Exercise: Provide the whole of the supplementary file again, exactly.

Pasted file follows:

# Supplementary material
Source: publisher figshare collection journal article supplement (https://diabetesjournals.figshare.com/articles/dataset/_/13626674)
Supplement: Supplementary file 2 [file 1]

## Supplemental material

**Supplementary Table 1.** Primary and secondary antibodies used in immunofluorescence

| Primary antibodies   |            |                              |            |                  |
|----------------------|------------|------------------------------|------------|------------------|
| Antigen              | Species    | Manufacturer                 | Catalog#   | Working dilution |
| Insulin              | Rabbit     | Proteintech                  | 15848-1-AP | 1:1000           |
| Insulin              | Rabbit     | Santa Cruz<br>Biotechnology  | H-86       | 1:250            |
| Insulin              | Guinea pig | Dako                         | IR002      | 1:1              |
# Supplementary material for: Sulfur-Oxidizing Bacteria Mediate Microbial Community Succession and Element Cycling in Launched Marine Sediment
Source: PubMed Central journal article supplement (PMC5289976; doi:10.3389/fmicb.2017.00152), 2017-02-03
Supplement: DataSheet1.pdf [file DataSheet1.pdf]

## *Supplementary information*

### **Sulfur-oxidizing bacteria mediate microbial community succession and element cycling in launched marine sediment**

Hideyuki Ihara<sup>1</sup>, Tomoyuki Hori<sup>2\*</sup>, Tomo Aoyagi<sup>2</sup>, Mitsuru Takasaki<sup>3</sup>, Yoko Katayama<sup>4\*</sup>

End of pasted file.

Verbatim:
# Supplementary material
Source: publisher figshare collection journal article supplement (https://diabetesjournals.figshare.com/articles/dataset/_/13626674)
Supplement: Supplementary file 2 [file 1]

## Supplemental material

**Supplementary Table 1.** Primary and secondary antibodies used in immunofluorescence

| Primary antibodies   |            |                              |            |                  |
|----------------------|------------|------------------------------|------------|------------------|
| Antigen              | Species    | Manufacturer                 | Catalog#   | Working dilution |
| Insulin              | Rabbit     | Proteintech                  | 15848-1-AP | 1:1000           |
| Insulin              | Rabbit     | Santa Cruz<br>Biotechnology  | H-86       | 1:250            |
| Insulin              | Guinea pig | Dako                         | IR002      | 1:1              |
# Supplementary material for: Sulfur-Oxidizing Bacteria Mediate Microbial Community Succession and Element Cycling in Launched Marine Sediment
Source: PubMed Central journal article supplement (PMC5289976; doi:10.3389/fmicb.2017.00152), 2017-02-03
Supplement: DataSheet1.pdf [file DataSheet1.pdf]

## *Supplementary information*

### **Sulfur-oxidizing bacteria mediate microbial community succession and element cycling in launched marine sediment**

Hideyuki Ihara<sup>1</sup>, Tomoyuki Hori<sup>2\*</sup>, Tomo Aoyagi<sup>2</sup>, Mitsuru Takasaki<sup>3</sup>, Yoko Katayama<sup>4\*</sup>